There are a legion of high-level draws to visiting the Ned, indisputably one of the grandest openings London has seen in a long while.
As I recently experienced, the most compelling reason of them all might be in the achingly-beautiful form of the poke bowls at Kaia – one of the eight (or nine) restaurants housed within this gargantuan new development in the heart of the City.
I’m sure you’re familiar with the backstory by now as The Ned has fast-become one of the trendiest dining destinations in town, effortlessly dominating the topic of most conversations (and lists of must-visits) of late.
Formerly the HQ of a bank, it’s been named after the architect, Sir Edwin “Ned” Lutyens who designed the original site (with its staggering 92 African verdite columns).
Given new life by Nick Jones of Soho House, the eleven-story building is also home to a 252-room luxury hotel and a private members club which affords access to a stunning rooftop pool and lounge bar tucked away in the vaults. Access to the latter is through a twenty-tonne safe door, inspired by the original which featured in the classic Bond film, Goldfinger!
Once inside the bar, you’ll find the walls lined with the thousands of intricately-engraved safety deposit boxes once holding £15 billion worth of gold bullion deposits… Blimey. Talk about doing a Bank Job!
However until that exclusive membership comes through (and with a few thousand-strong waiting list, we’re not holding our breath anytime soon), we had to content ourselves with a tipple at the Nickel Bar instead.
Tucked away at a far end of the expansive lobby-esque space (each section is seamlessly separated by an imposing network of pillars), the American-style bar is atmospheric enough – with a lively tone set by the central bandstand and a heaving mix of City suits and well-heeled fashionistas.
The questionable (maid-like) staff uniforms notwithstanding, we found the service to be friendly if a bit shoddy – despite the lengthy time for which we were parked in our cosy booth, not a single passing waiter paused to take our repeat order. A shame, as I really wouldn’t have minded another of my Clover 75 – a worthy take on the classic French 75, replacing gin with rum and lemon juice with raspberry, before topping up with Perrier Jouet champagne.
Still, a Matcha Sour at Kaia afterwards more than made up for it.
The lightly-frothy and bittersweet incarnation of a classic Whisky Sour proved a perfect pairing with poke which is at the heart of the contemporary Asian Pacific-inspired menu here.
If I’m being honest, fellow foodie, Anisha, and I did hold a few light misgivings about the restaurant initially – crammed as we were in the tightly-strapped space, not to mention cut off by the awkwardly-positioned vintage lamp standing tall between us on the dining counter.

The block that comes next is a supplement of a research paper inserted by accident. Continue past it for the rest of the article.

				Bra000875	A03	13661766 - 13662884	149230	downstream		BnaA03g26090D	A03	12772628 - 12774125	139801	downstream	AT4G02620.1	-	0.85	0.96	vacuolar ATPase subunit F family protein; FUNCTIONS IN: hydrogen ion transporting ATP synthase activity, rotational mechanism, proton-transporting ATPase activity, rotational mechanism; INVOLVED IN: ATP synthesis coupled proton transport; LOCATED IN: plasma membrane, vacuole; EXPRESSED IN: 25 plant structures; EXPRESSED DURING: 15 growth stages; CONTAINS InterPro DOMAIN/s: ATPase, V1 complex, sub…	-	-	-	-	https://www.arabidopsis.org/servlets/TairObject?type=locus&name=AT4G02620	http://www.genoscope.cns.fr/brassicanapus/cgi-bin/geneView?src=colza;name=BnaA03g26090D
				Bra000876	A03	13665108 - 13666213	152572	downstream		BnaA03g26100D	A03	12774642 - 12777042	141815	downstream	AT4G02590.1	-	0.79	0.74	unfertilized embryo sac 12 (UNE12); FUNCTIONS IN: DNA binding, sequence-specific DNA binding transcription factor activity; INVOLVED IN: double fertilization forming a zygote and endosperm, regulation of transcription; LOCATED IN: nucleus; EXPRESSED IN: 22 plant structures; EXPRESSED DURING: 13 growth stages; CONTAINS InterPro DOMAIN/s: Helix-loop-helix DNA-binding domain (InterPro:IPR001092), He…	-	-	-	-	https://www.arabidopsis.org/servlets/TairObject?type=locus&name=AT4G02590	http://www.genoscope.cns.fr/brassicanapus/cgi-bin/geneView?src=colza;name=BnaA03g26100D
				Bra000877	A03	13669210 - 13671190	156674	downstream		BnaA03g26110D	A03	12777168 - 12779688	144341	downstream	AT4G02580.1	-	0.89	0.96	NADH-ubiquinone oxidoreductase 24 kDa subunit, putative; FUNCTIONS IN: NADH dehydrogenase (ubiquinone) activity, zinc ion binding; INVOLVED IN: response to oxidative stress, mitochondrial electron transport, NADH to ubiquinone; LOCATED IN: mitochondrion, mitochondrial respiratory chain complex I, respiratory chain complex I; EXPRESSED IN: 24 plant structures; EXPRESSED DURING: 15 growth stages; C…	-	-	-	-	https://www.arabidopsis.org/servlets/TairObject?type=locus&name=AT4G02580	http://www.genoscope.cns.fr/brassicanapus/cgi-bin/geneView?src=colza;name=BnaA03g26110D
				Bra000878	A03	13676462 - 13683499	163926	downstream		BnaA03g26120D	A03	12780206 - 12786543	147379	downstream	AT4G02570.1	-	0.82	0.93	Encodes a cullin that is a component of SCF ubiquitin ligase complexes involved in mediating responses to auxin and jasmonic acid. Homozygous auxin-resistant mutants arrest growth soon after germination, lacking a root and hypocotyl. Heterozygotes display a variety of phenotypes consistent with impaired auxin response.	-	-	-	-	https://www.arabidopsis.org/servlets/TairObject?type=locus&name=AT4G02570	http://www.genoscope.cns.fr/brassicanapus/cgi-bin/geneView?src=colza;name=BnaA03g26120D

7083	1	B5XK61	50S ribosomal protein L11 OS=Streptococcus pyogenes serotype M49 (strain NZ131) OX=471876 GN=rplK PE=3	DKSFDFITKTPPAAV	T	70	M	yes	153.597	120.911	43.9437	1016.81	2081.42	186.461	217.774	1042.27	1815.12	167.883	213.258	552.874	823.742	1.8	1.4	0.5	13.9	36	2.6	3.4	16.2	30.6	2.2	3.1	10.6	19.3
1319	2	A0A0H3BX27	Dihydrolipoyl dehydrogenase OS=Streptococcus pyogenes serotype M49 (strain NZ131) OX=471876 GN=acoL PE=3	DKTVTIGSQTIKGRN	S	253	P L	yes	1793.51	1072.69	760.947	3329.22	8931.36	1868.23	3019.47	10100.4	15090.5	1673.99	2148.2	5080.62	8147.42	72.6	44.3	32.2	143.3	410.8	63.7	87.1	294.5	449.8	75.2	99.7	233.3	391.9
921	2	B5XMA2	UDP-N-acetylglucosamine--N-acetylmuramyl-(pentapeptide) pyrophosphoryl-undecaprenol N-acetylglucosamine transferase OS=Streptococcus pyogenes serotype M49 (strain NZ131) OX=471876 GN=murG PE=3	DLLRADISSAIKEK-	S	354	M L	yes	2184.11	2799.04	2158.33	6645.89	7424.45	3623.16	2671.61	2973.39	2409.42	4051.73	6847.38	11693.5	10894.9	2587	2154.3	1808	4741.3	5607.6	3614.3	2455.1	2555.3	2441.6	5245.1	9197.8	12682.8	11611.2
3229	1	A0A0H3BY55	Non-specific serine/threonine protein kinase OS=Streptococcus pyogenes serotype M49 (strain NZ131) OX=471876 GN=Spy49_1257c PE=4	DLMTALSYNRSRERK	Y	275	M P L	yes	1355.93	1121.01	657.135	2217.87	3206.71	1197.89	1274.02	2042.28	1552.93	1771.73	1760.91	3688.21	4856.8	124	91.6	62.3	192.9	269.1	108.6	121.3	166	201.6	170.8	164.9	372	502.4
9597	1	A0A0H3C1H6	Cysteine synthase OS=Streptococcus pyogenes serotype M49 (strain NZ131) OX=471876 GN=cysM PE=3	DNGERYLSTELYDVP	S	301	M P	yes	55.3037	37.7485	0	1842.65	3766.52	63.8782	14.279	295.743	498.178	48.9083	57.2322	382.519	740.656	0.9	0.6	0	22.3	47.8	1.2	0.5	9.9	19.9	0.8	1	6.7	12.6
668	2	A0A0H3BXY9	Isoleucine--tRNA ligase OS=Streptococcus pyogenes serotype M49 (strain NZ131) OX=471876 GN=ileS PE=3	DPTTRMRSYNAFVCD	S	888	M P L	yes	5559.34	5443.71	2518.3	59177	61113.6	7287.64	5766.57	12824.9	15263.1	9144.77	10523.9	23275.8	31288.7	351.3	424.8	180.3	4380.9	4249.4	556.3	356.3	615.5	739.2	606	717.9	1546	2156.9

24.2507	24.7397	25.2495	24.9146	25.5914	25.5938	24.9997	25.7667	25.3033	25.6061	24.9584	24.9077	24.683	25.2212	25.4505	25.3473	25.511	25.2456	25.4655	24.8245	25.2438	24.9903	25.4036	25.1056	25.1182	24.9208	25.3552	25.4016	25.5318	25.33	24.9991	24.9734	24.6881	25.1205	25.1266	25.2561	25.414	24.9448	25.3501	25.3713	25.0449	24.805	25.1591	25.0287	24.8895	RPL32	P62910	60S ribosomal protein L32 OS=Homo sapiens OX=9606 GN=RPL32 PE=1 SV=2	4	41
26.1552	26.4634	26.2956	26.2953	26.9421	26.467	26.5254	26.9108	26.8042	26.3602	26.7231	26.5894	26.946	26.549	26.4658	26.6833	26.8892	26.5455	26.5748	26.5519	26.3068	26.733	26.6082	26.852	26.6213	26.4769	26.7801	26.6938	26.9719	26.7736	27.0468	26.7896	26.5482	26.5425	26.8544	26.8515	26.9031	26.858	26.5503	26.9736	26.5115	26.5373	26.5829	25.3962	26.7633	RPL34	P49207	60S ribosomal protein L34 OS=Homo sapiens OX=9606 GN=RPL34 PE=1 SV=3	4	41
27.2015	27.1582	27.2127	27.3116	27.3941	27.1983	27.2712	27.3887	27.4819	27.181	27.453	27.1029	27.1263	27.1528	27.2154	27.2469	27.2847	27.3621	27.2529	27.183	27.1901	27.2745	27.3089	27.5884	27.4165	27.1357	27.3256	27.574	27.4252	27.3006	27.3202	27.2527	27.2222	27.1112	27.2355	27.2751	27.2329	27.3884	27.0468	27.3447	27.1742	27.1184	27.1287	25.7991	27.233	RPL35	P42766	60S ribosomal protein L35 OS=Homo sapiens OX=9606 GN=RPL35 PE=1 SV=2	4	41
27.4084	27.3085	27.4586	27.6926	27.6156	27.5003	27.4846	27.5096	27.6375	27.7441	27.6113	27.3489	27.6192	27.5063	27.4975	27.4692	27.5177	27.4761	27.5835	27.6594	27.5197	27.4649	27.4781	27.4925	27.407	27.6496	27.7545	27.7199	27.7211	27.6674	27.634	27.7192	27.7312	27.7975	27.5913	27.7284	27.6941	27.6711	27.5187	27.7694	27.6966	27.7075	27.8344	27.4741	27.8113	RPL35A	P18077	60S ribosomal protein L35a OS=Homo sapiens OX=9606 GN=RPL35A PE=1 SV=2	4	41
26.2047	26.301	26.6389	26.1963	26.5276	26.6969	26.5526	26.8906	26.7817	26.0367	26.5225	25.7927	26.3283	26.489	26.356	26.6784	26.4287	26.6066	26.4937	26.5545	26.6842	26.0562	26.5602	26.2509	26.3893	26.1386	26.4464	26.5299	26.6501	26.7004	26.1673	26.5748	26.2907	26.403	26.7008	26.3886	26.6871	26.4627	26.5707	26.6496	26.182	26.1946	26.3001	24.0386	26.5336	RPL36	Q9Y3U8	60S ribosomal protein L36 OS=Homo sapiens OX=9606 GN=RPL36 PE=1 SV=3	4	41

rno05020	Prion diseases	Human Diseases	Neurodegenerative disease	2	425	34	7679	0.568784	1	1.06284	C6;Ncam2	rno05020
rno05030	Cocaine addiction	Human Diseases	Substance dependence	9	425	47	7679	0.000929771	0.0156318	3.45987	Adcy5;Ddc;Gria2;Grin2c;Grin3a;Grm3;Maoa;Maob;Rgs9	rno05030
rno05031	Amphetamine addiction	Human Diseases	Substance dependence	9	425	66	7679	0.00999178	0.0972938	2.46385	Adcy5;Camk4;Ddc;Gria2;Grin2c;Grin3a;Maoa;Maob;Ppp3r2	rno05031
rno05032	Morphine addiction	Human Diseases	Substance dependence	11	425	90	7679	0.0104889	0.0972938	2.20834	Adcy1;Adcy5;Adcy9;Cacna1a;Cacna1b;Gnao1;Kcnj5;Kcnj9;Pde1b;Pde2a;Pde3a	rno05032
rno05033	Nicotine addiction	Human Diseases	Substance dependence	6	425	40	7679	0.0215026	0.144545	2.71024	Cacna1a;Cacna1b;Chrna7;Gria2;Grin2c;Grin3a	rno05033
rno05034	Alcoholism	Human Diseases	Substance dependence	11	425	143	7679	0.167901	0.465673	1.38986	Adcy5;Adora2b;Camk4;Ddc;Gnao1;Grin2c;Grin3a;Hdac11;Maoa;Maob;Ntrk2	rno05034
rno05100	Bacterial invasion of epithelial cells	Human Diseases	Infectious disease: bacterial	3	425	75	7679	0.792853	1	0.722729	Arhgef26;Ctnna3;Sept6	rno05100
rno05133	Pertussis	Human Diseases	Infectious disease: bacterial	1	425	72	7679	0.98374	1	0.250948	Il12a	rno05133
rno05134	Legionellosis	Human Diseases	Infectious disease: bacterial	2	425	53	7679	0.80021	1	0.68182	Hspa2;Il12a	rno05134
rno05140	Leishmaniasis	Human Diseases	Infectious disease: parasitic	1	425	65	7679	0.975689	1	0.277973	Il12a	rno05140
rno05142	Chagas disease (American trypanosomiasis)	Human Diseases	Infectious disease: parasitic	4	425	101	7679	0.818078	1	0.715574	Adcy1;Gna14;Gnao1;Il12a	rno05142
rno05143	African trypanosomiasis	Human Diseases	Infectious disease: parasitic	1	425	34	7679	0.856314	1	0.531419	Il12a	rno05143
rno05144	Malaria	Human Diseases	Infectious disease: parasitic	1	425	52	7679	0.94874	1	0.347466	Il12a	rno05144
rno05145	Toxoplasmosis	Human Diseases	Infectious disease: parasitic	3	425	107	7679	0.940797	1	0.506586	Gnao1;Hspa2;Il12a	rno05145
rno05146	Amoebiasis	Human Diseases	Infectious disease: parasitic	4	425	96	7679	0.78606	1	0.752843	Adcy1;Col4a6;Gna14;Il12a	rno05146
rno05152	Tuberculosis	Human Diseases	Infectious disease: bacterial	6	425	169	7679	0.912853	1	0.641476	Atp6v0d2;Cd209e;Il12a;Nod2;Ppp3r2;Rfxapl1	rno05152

Misgivings which were just as quickly dispelled, on the dazzling arrival of our dinner.
Each poke bowl was a veritable flavour-bomb – chock-full of vivid colours and slick textures, heartily assembled on a bed of Japanese rice.
We mixed it all together (as encouraged), liberally adding on lashings of vegan yuzu-mayo… and were surprised to still distinguish the distinctive elements, each playing its own note on our palate – right down to the faintest hint of amaranth in my vegetarian-friendly Rainbow bowl.
Speaking to Chef Richard later, we learned of the intricate thought-process behind ensuring that the final combination (of fruits and veg) worked in harmony, with no one ingredient overpowering the other. So for instance while chunks of pineapple made a sour splash in Anisha’s Ahi Tuna, they were cleverly substituted by papaya to balance the medley in my vegetarian-friendly Rainbow bowl.
It’s the same attention to detail which elevated grilled pineapple to an offbeat yet astonishingly-inviting dessert. We had at first strategically planned to hop over to Malibu (Kitchen) for a plate of Californian-style cookies, but gosh are we glad we stayed on…
Marinated with lemongrass, gently grilled and glazed with a sweet-and-savoury sticky miso caramel, the tender chunks of pineapple were served with a sharply refreshing coconut sorbet, embellished with delicate edible flowers.
A plate of mochi wasn’t amiss either, the chewy outer layer of pounded rice flour revealing a silky-smooth burst of ice cream with flavours running the gamut from matcha to mango!
It’s not often that I find myself lusting for a job in the City – and yet this is all that I could dream of on hearing word of the soon-to-launch takeaway poke and matcha bar next door!
But the greatest appeal of the Ned perhaps, is that it’s a one-stop-spot for the evening – where you might pop in for a quick post-work drink, only to be easily tempted to stay on, whether to feed your passion for poke or to pursue an Italian affair (at Cecconi’s), tuck into a matzo ball soup (at the Jewish-style New York deli, Zobler’s) or walk on a virtuously-healthy path (at Malibu Kitchen).
Even a visit to the ladies room is in itself an event, with this likely to be one of the loveliest loos in London!
Now if only I could race my way up the members’ club waiting list in time for summer… Those rooftop pool views beckon.
The Ned, 27 Poultry, London EC2R 8AJ
For more new & noteworthy openings in London, flick through to my rolling round-up, here